- Dial down the frequency of weeding and moss control – the lawn will be less neat-looking but will be more sturdy, as they can stay greener for longer during drought or waterlogging. This type of lawn is also more conducive to a great variety of wildlife.
- Use artificial turf – for gardening purists, this may seem like a taboo subject but if you really want to reduce maintenance as much as possible and you’re not really that serious about gardening, you can make do with an artificial turf. In the past, this may seem like a big deal because artificial turfs look obviously fake, but these days you can find turf that are reasonably realistic.
Use Shrubs for Borders and Weed Control
A lot of work goes into weed control in borders as well as in maintaining the herbaceous perennials. If you want an easy to maintain garden, you can replace most of the perennial beds with shrubs. Shrubs are easier to plant through a weed-suppressing membrane. If you overlay it with decent-looking mulch, you will drastically lengthen the time between weeding or topping up of the mulch. This is because weed struggles to grow in the mulching material, and those that do find a way can be easily removed with a hoe. These types of beds also require less watering.
Avoid Putting Fish Into a Pond
If you incorporate a pond into the garden, you can greatly reduce the need for pumps and filters by not introducing fish into the water. Fish will require close maintenance and may even contribute to blanket weed and algae problems. You can even convert ponds into a bog garden so that you don’t have to worry about maintenance or buy a great looking water feature that has almost no maintenance.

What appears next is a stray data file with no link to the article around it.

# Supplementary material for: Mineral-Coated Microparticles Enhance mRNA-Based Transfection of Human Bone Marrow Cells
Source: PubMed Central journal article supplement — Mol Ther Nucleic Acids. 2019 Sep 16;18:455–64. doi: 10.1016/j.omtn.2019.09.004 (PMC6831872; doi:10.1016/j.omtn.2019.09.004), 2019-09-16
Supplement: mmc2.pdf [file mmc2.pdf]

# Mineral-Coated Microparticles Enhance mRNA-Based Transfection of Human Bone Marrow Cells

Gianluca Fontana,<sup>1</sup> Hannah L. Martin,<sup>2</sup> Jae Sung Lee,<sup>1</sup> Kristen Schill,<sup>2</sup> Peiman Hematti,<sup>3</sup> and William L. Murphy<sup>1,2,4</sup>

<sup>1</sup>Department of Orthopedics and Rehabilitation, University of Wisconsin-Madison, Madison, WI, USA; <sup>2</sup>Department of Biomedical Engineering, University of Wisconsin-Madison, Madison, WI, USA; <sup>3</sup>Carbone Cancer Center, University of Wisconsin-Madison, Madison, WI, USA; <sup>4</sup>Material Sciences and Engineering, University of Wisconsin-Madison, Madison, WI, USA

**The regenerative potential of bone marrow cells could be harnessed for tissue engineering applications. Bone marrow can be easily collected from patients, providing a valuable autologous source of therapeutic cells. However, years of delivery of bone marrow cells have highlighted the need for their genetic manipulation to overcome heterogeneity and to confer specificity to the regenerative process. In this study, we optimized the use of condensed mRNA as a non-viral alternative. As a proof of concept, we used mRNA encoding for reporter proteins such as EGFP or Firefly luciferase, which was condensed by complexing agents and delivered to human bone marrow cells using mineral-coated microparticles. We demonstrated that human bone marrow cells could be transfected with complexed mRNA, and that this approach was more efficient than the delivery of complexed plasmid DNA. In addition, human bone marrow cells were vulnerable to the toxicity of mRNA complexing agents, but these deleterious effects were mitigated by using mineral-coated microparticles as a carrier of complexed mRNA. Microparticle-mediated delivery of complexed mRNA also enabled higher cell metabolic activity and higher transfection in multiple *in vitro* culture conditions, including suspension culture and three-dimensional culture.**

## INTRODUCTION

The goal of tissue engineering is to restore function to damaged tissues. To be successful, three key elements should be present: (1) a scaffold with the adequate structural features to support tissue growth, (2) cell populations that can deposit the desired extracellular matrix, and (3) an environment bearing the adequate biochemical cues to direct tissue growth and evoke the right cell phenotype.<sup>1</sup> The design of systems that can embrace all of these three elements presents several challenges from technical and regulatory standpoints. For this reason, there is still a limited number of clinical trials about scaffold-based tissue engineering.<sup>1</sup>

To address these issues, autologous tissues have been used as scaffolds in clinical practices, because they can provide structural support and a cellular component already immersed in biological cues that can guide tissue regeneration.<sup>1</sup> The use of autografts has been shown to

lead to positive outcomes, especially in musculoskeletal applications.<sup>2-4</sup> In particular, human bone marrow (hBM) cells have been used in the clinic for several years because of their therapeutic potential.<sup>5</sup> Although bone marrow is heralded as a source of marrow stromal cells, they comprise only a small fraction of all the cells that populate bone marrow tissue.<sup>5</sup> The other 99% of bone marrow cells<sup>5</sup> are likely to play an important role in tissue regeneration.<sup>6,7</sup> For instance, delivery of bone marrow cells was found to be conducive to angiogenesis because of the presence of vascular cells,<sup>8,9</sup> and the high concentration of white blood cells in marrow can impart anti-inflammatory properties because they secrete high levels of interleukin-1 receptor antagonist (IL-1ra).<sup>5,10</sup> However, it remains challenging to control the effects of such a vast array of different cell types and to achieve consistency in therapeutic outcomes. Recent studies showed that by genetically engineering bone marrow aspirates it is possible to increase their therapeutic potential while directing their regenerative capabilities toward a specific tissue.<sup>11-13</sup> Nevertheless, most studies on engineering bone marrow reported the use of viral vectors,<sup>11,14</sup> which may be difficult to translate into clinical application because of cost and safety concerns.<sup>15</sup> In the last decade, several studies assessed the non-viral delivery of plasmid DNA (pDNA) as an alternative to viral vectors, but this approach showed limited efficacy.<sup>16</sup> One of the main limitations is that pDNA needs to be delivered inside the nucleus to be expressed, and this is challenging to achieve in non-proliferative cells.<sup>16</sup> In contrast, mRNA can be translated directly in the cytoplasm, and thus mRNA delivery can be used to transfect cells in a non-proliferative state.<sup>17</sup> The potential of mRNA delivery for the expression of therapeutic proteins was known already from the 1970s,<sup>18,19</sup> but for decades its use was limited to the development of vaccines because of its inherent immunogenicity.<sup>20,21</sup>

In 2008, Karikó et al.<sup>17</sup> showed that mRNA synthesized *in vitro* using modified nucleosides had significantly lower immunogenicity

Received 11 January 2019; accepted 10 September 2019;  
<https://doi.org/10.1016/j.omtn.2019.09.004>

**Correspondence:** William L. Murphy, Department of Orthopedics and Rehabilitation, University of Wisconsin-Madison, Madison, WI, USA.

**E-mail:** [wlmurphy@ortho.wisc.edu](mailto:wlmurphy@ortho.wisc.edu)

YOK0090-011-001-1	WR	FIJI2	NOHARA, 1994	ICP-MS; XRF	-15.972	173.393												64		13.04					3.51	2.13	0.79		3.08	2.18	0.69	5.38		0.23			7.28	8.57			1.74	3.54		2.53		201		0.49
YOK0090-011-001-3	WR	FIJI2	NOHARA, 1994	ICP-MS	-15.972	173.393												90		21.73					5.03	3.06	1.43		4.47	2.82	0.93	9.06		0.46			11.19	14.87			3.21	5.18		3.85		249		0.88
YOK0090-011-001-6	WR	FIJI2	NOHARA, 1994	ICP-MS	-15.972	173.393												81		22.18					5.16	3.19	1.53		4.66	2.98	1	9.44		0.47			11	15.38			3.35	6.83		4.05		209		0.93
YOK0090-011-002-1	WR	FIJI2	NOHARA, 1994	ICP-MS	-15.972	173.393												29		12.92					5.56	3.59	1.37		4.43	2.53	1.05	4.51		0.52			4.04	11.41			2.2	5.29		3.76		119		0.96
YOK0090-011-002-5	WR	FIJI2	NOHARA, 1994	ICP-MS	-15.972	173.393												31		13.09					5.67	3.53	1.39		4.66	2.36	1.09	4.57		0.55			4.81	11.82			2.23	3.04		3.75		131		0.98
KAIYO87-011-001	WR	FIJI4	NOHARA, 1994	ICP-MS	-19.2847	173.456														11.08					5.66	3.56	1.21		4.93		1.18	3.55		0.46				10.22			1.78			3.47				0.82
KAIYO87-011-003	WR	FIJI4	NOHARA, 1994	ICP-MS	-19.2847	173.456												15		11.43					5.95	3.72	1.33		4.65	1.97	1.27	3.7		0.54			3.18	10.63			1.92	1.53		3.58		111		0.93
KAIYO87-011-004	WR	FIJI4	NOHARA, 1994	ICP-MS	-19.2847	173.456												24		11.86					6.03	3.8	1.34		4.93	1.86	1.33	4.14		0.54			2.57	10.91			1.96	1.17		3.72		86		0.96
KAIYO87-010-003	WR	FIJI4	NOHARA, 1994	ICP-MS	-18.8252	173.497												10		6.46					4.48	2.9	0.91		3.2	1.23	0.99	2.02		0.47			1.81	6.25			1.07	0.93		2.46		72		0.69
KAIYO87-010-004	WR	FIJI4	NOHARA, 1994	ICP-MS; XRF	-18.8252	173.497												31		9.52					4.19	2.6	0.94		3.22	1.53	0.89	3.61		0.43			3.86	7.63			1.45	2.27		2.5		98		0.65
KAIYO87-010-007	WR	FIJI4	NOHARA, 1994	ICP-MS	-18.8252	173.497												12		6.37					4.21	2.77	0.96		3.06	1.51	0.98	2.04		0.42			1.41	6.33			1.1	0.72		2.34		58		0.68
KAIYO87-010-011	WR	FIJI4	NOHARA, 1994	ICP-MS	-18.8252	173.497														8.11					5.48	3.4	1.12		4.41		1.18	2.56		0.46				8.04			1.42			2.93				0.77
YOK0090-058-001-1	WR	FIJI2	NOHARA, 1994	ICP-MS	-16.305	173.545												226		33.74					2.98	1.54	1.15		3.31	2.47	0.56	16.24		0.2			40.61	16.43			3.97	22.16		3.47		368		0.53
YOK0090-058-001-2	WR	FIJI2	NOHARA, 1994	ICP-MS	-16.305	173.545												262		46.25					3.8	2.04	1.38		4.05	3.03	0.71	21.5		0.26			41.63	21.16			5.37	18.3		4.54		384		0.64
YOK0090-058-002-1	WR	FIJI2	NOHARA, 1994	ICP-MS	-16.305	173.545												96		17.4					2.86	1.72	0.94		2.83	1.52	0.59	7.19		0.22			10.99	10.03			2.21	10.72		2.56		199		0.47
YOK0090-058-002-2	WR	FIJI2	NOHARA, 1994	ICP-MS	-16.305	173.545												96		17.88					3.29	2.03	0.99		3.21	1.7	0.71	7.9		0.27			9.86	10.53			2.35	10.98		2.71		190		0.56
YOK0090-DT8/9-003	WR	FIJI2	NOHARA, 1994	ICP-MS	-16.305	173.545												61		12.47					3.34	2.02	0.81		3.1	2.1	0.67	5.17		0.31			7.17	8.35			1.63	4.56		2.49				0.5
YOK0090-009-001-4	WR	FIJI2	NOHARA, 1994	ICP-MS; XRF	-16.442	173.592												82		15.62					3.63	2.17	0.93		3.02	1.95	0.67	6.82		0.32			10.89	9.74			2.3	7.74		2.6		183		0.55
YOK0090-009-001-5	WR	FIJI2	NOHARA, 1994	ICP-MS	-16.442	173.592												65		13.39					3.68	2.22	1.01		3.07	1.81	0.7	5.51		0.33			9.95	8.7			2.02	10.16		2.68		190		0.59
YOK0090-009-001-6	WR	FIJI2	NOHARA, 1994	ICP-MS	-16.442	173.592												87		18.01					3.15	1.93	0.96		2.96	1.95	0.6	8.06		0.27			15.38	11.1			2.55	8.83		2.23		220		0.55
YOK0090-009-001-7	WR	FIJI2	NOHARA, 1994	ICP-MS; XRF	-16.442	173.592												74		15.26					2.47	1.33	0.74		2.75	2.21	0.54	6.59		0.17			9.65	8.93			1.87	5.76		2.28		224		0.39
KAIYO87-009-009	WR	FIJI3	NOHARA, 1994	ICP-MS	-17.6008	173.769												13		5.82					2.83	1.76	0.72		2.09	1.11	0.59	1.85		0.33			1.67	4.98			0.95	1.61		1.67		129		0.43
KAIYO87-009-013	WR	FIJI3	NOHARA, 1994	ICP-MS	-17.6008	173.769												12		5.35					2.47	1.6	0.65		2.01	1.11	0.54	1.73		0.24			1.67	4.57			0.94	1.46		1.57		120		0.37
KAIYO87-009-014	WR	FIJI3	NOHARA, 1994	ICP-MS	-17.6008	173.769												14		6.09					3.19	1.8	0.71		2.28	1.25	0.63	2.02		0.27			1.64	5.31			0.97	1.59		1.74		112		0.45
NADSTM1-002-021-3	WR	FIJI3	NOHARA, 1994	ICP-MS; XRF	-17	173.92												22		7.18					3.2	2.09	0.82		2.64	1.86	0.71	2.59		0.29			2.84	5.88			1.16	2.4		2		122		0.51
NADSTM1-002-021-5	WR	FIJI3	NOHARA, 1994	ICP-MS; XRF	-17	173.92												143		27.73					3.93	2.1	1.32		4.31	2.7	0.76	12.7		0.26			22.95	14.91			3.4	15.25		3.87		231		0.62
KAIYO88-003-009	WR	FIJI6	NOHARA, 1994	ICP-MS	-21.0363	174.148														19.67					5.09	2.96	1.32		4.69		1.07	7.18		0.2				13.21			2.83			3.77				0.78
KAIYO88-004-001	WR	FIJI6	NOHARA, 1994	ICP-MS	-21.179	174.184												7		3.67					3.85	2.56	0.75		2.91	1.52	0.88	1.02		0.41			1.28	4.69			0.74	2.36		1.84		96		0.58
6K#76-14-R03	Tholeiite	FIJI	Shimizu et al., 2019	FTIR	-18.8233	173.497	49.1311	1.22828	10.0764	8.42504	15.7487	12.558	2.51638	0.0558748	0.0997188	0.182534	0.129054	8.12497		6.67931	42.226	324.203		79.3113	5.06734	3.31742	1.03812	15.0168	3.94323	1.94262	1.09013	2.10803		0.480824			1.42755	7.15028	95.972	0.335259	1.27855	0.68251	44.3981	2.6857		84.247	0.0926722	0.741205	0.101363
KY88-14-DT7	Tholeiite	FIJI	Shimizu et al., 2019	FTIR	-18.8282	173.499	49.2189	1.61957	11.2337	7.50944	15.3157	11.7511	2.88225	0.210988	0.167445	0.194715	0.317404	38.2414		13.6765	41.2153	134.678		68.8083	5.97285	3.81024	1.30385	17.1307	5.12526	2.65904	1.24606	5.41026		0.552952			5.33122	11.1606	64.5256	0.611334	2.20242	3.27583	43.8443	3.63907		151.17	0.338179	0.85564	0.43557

Avoid These Shortcuts
While most of the steps we take in order to design an easy to manage garden are considered shortcuts, there are a few things that may seem like shortcuts at first but actually, need to be avoided.
First, do not use lots of containers. From planting up to watering, handling, and even repotting and feeding, containers generally require a lot of maintenance. If you’re going for planters, choose larger ones with more volume of compost since they take longer to dry.
You should also make sure that you’re planting the right plant in the right place. For instance, don’t try to grow rhododendrons on chalky soil or bog plants in a dry garden. You can do some research on plants first before planting them, as mistakes in this area would result in more work as you struggle against a perpetually dying garden.
Finally, avoid planting semi-mature plants. It may seem like a shortcut when you buy plants that are already half-mature, as it’s almost akin to buying an instant garden. But you’ll find that this is actually harder work because the aftercare for semi-mature plants is more tedious. Younger plants are better because they establish faster and require less maintenance during watering and staking.
All of the above tips will help you achieve an easy to manage garden, but always remember that easy to manage does not necessarily mean there’s no work involved. As gardening by nature is work. This guide lets you reduce the amount of work needed, but do not be surprised when you still need to put in work later down the line.
Contributed by http://www.midlandstone.ie/